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I wish it did, before six beasts mauled a young girl and left her to die. I’ve always stayed away from writing this column on newsy topics. But today, you are likely to find this to be one among the many write ups on this same subject in the newspapers. And maybe I’ll have nothing new to say that you haven’t already heard or read. Let me still say it, please.
Because today I realise how utterly foolish and far away from reality it has been, to be talking about ‘calmness’, week after week, when we live in a society where so-called human beings exhibit animal-like behaviour at will. No, in fact, let me apologise to the animals for making this statement, because even they are known to have traces of compassion and kindness. The six men who gang raped and then savagely tortured a 23-year-old girl in a moving bus in our nation’s proud Capital last Sunday, before stripping her and her friend and throwing them on the road to die, don’t even deserve to be called animals.
While this incident has shocked and numbed practically everyone to the core, we also have to face the trauma of being informed that a majority of the men who committed the horrific act are not remorseful of what they did. And that there are some in our country who, in the name of ‘human rights’, are still saying that the rapists shouldn’t be given death penalty because it is wrong to take away a human life as punishment. But I thought these men had made it pretty clear last Sunday itself that there’s nothing remotely human about them. So, what rights are we talking about?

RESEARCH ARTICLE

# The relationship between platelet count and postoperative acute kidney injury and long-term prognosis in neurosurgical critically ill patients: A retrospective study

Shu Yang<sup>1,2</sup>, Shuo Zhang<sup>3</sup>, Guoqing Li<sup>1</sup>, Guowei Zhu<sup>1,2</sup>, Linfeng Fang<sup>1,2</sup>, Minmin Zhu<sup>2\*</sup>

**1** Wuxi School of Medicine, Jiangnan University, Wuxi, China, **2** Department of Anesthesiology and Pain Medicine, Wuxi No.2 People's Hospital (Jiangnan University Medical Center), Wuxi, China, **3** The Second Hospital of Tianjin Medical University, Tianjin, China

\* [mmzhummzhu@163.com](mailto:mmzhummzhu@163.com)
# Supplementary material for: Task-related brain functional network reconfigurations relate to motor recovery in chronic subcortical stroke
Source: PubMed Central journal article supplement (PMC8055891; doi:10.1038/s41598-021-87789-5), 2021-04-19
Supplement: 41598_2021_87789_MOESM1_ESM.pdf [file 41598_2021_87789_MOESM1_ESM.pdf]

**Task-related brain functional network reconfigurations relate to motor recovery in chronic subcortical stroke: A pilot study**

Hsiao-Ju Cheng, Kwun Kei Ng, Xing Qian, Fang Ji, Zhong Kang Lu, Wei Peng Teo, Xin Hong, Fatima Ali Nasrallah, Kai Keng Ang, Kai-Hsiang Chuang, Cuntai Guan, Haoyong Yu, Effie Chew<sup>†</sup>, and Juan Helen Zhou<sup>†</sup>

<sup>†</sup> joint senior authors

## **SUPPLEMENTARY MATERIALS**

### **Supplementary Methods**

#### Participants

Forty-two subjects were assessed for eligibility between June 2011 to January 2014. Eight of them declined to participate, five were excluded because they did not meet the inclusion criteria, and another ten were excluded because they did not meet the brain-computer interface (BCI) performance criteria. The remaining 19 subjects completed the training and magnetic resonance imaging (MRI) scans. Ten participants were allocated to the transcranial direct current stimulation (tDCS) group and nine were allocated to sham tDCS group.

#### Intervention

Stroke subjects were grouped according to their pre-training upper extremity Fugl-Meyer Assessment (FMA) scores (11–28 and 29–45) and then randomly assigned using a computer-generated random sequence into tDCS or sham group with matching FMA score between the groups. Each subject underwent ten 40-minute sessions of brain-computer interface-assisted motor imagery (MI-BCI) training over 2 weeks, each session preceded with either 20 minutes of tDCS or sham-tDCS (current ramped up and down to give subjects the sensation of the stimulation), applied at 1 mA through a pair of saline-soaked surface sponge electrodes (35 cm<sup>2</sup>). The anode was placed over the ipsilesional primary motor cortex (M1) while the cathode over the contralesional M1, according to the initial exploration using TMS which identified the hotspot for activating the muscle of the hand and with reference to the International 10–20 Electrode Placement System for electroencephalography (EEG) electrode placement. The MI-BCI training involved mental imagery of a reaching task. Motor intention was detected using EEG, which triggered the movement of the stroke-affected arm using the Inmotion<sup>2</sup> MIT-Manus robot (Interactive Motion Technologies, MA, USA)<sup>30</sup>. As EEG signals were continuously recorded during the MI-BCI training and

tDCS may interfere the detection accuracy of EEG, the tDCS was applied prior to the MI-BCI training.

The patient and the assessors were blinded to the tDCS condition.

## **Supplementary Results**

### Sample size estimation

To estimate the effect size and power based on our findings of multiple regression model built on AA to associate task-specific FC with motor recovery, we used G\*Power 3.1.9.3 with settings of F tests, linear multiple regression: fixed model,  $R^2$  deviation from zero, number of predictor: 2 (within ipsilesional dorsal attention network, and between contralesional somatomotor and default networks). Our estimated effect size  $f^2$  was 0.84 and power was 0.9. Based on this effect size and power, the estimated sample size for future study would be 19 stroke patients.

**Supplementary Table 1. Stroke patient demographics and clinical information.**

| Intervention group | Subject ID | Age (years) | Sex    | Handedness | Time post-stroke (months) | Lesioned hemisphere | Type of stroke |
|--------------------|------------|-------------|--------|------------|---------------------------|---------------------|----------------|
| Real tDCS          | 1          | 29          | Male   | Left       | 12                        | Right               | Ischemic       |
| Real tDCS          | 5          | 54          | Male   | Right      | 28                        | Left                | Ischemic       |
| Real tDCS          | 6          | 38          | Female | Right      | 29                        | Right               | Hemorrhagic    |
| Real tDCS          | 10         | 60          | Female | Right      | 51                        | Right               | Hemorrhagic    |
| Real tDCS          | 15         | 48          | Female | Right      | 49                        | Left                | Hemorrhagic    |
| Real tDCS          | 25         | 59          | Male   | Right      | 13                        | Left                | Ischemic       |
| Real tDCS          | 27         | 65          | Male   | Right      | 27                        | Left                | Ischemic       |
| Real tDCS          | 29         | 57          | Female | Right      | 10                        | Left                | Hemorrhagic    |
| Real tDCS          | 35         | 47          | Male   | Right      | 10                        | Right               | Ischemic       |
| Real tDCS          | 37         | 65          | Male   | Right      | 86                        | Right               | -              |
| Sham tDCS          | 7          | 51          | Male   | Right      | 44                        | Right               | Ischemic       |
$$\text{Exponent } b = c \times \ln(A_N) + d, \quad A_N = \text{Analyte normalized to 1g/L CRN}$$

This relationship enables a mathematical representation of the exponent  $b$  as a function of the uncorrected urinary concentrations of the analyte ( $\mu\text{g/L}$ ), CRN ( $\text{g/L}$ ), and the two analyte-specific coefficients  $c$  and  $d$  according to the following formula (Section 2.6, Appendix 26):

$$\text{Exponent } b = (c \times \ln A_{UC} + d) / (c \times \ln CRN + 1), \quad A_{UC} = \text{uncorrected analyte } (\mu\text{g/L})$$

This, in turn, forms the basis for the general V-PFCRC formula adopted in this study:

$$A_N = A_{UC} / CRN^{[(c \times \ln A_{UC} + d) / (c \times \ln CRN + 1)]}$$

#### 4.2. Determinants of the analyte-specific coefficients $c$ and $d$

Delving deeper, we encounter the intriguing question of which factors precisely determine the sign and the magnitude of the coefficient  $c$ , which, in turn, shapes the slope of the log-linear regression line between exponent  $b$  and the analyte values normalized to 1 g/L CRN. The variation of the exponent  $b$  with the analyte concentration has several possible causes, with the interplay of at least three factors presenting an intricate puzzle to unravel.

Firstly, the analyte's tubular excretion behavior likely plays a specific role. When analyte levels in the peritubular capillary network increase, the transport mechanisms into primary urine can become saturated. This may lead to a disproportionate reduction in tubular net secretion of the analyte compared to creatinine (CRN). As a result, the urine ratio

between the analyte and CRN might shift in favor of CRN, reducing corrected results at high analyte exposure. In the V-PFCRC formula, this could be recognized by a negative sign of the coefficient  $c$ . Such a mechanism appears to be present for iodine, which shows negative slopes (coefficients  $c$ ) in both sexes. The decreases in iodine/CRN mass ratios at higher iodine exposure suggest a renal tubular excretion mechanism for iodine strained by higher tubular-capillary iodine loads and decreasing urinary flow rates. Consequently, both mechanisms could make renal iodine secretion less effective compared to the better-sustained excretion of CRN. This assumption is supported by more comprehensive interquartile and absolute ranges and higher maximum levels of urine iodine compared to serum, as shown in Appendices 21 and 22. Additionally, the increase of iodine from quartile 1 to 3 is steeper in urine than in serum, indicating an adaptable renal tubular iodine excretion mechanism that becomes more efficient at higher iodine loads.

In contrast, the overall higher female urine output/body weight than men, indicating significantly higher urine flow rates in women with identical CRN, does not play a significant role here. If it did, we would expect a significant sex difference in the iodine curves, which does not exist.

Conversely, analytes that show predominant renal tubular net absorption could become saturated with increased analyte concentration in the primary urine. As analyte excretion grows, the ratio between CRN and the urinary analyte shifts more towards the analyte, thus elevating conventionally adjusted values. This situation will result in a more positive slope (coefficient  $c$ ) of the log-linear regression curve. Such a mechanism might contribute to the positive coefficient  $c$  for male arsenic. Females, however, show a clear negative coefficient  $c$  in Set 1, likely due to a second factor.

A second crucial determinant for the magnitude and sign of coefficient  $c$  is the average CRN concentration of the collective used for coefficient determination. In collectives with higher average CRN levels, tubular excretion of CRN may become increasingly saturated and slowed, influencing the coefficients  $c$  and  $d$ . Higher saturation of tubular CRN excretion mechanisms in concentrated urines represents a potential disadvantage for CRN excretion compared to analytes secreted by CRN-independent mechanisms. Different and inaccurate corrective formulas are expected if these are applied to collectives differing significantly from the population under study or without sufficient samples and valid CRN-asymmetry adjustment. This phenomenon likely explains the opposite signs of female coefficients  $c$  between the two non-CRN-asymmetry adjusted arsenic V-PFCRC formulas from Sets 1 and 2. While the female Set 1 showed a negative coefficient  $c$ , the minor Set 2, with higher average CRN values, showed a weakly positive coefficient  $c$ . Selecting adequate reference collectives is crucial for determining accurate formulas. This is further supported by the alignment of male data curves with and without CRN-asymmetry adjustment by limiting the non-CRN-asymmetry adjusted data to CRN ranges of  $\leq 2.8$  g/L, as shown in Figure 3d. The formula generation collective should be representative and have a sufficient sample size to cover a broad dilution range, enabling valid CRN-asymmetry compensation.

While everyone is sad and angry about this incident and the state of women-safety in India in general, I’m also immensely sad at us having gradually turned into a suspicious, untrusting society. A male friend of mine loves kids more than anyone I’ve known. And he has this habit of making funny faces at stranger kids in elevators, making them giggle. Sometimes he would ask a cute kid to tell his or her name or pass a compliment on their dress, and the child would lighten up at the attention. Yesterday, his cheerful greeting of “Hello, little girl” to a five-year-old on the escalator of a shopping mall resulted in the girl’s mom creating a scene. Not only did she shout at my friend, but she also then screamed at her daughter saying, “Did I not tell you not to talk to any uncle or a boy? Boys are bad. They will take you away and hurt you!”
I just feel helpless at what we’ve become. Let me say it upfront. In my humble opinion, death penalty is nothing in front of the punishment that ought to be meted to the people whose acts have instilled a permanent fear of the male gender in the minds of our young generation of girls. Human rights activists can go take a hike for all I care. No, wait. Maybe I’m being inhuman now. Let’s give them jail term, and not hang them. As long as they are gang raped every night that they spend in the prison. Now that’s only fair, we can’t risk them coming out of jail some years later with pent-up sexual frustration. And see, we are not even taking their precious human life away. Right?